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He broke barriers in India but not all
- Michael Jackson dies after suspected cardiac arrest

Michael Jackson, who died of suspected cardiac arrest on Thursday, discovered India in 1996 but some Indians used to go the extra mile to not discover him.

An unstated but perceptible cultural ceiling made many “discerning” lovers of music in India view him with affected disinterest.

If Jackson’s moonwalk and the corkscrew strand of hair over the forehead smashed language barriers and made countless hot-blooded young Indians “do the break dance” at the drop of a hat in classrooms, canteens and dead-end alleys, another class went into a deep denial mode.

A group of Presidency College alumni recalled how they would make it a point to steer clear of the Jackson hype, at its peak then with his album Thriller. “Brought up on a staple of Jethro Tull, ELP and Styx, and of course Floyd and Zeppelin, we would sneer at folks who seemed to have discovered ‘western music’ via the break-dancing of MJ,” said a one-time drummer for the college band.

Gradually, as the Jackson style struck deep roots and “beat-it” posters in teenager’s rooms became the symbol of cool in the eighties without the angst of Vietnam and a million other mutinies that vexed the preceding generation, there seemed to be grudging admiration for some of his songs. But it was never meant to be articulated.

“One of us actually recorded Eddie Van Halen’s crispy lead break in Beat It — not the entire song — on an audio tape only to replay and marvel at the great guitar lick (the solo slice),” recalled the 40-year-old ex-Presidencian, having long given up on musical ambitions.

The idea was clear: we don’t think much of the track, but the guitar solo is awesome. “Seems ridiculous and a bit childish now, but that was how MJ was regarded by true-blue music buffs,” he added.

Was it unfair? “Perhaps.”

But he still has not forgiven Paul McCartney for teaming up with Jackson. “The Girl is Mine is perhaps one of McCartney’s most forgettable tunes. But more than that, how could John Lennon’s songwriting alter-ego in Beatles think of such collaboration?”

Such sacrilege was not on many Indians’ mind when Jackson landed in India on October 30, 1996, for the “Michael Jackson History World Tour Mumbai”.

He was greeted at the airport by actress Sonali Bendre, who performed aarti and applied tilak to his forehead. Then a 20-car cavalcade took him to Bal Thackeray’s residence, Matoshree, in Bandra. On the way, Jackson stopped to meet clusters of children by the roadside.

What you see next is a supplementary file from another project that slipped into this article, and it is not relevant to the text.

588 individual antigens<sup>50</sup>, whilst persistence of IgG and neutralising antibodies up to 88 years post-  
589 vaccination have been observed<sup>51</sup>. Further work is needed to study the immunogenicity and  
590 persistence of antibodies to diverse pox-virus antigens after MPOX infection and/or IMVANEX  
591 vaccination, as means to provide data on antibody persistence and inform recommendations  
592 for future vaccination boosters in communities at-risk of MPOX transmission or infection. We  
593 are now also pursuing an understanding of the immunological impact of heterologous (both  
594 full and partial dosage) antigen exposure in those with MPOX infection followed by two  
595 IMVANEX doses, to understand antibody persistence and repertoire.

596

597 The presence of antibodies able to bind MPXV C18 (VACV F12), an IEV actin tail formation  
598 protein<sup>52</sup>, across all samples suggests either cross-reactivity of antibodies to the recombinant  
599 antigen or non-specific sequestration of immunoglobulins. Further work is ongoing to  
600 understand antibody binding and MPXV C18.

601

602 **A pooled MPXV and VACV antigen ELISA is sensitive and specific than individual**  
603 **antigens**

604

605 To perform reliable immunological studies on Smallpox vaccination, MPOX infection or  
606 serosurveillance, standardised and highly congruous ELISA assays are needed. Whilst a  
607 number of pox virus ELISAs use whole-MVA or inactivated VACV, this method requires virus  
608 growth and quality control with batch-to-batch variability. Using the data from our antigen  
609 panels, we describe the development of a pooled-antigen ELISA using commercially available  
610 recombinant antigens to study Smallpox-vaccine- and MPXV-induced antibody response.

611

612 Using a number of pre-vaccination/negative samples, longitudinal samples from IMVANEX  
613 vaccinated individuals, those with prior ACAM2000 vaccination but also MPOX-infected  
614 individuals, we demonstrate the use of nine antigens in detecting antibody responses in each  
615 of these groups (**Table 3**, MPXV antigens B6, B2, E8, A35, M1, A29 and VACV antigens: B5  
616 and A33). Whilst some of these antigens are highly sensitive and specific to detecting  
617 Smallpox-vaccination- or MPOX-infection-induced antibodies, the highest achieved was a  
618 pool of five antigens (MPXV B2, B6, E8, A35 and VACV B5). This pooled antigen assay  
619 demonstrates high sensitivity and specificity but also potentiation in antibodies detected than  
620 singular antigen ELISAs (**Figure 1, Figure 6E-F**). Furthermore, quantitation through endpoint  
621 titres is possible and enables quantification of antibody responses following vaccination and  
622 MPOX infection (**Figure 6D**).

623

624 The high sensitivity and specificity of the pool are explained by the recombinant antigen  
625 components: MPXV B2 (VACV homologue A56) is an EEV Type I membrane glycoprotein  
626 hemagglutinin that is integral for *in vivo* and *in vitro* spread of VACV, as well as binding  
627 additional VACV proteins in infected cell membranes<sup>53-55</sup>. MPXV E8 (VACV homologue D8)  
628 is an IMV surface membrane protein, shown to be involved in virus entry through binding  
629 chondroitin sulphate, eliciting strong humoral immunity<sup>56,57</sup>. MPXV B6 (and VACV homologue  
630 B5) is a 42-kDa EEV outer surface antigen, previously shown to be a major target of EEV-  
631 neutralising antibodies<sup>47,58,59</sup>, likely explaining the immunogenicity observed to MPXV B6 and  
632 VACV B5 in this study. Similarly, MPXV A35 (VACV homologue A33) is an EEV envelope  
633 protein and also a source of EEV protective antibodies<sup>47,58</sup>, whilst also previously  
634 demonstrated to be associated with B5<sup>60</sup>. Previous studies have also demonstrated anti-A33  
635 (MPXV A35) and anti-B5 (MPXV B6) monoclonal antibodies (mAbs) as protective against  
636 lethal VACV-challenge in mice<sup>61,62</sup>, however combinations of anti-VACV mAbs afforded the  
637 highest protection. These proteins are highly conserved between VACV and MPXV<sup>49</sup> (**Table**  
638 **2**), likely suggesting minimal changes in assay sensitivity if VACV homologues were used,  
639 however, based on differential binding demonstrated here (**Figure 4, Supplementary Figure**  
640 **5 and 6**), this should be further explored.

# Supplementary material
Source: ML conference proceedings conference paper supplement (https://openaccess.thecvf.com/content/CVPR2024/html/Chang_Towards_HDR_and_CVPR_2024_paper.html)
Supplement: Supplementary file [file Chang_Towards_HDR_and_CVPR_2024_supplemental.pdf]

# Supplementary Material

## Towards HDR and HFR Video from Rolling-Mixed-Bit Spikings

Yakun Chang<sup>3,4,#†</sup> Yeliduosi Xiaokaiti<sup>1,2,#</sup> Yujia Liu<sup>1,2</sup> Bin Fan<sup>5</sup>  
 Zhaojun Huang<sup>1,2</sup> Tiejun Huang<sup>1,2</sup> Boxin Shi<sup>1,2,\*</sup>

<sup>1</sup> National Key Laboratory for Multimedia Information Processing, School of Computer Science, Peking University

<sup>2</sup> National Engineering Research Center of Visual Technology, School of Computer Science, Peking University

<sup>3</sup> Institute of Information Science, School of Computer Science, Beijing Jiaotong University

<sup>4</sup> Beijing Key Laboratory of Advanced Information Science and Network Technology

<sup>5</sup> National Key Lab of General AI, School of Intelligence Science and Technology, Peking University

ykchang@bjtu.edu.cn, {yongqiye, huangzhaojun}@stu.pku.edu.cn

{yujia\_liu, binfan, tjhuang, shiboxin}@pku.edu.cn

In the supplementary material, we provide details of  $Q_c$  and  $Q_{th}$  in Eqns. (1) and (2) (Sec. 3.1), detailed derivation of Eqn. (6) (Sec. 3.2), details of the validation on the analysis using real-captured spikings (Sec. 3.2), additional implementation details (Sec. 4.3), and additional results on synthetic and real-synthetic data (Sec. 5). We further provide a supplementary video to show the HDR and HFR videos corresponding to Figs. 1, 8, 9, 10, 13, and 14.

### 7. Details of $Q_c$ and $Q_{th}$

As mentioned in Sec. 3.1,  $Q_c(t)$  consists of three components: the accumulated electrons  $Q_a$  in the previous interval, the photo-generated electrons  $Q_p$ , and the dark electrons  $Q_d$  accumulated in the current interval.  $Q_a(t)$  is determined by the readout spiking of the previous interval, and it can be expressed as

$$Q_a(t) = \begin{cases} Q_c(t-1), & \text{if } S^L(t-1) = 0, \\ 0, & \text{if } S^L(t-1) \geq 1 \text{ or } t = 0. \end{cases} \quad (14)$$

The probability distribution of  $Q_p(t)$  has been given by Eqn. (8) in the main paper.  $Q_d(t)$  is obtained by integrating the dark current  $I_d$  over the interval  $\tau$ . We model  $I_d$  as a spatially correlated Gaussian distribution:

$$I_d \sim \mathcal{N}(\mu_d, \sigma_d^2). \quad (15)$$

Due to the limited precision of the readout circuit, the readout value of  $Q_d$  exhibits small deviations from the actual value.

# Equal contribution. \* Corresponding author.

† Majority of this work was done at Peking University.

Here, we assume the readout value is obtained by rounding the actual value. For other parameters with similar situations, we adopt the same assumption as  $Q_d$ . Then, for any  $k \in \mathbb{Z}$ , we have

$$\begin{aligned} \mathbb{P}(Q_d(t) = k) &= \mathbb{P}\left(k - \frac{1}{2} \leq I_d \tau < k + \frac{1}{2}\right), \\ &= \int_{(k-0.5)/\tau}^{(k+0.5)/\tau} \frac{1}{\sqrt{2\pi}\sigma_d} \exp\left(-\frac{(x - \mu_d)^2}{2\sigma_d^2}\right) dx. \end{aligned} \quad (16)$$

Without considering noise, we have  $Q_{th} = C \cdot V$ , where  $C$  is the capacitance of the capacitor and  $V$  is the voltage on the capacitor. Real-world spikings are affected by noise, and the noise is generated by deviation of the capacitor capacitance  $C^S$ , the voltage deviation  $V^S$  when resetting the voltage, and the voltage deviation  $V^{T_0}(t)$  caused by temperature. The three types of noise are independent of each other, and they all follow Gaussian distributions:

He stayed at the Oberoi Hotel, where he charmed staff and left a departing message, “I love you,” scrawled in lipstick on his room mirror. His appearance in the evening at the Andheri Sports Complex lived up to expectations.

Journalist and theatre promoter Suman Bhuchar, who had travelled from London for the concert, said: “I had gone for (British Asian artist) Bally Sagoo who was the warm-up act for Michael Jackson. It was a great evening. I remember him emerging out of the darkness in his silver space suit. I have kept the brochure from that concert.”

Three years later, Jackson asked the London-based head of the Hinduja family, Srichand Hinduja, for advice on how to restructure his finances to “stop people ripping him off”, the businessman’s daughter, Vinoo, revealed today. “Michael had heard about my father. He sent a message to our New York office saying he wanted to meet dad.”

Jackson apparently felt that Srichand could offer him dispassionate advice on how the singer could protect himself against people in his own organisation. “He said, ‘They become my managers, they become my financiers, they take my money.’ After that, the family met Michael and we became friends,” Vinoo added.

In 1999, Jackson was holding a concert in Munich to raise money for deprived children on behalf of Nelson Mandela. “Michael said, ‘I have every country involved — except India.’ My father said, ‘We can’t have that.’ We requested A.R. Rahman to come and flew him to London, ‘locked’ him in a house for four days and got him to write the music for Ekam Satyam which was used at the concert in Munich.”

“What a great man,” said Srichand, taking over the story from his daughter. Srichand took Jackson to the Swaminarayan Temple in Neasden, north London, on July 25, 1999, and later to the Bhaktivedanta Manor, the Iskcon temple in Watford, Hertfordshire. Jackson was clearly taken with the whole ritual of taking off his shoes before entering the temple and the Hindu form of worship.

From France, Srichand remembered his first meeting with Jackson, which had taken place in Houston, Texas. “Something we had in common is that we were both vegetarians.”

“I feel we have lost a great star. He saw the extremes of life — the good and the bad. Today, we are hearing about the good. He was hoping that after his concerts in London, people would look at him in a different way. He was too young to die,” Srichand added.

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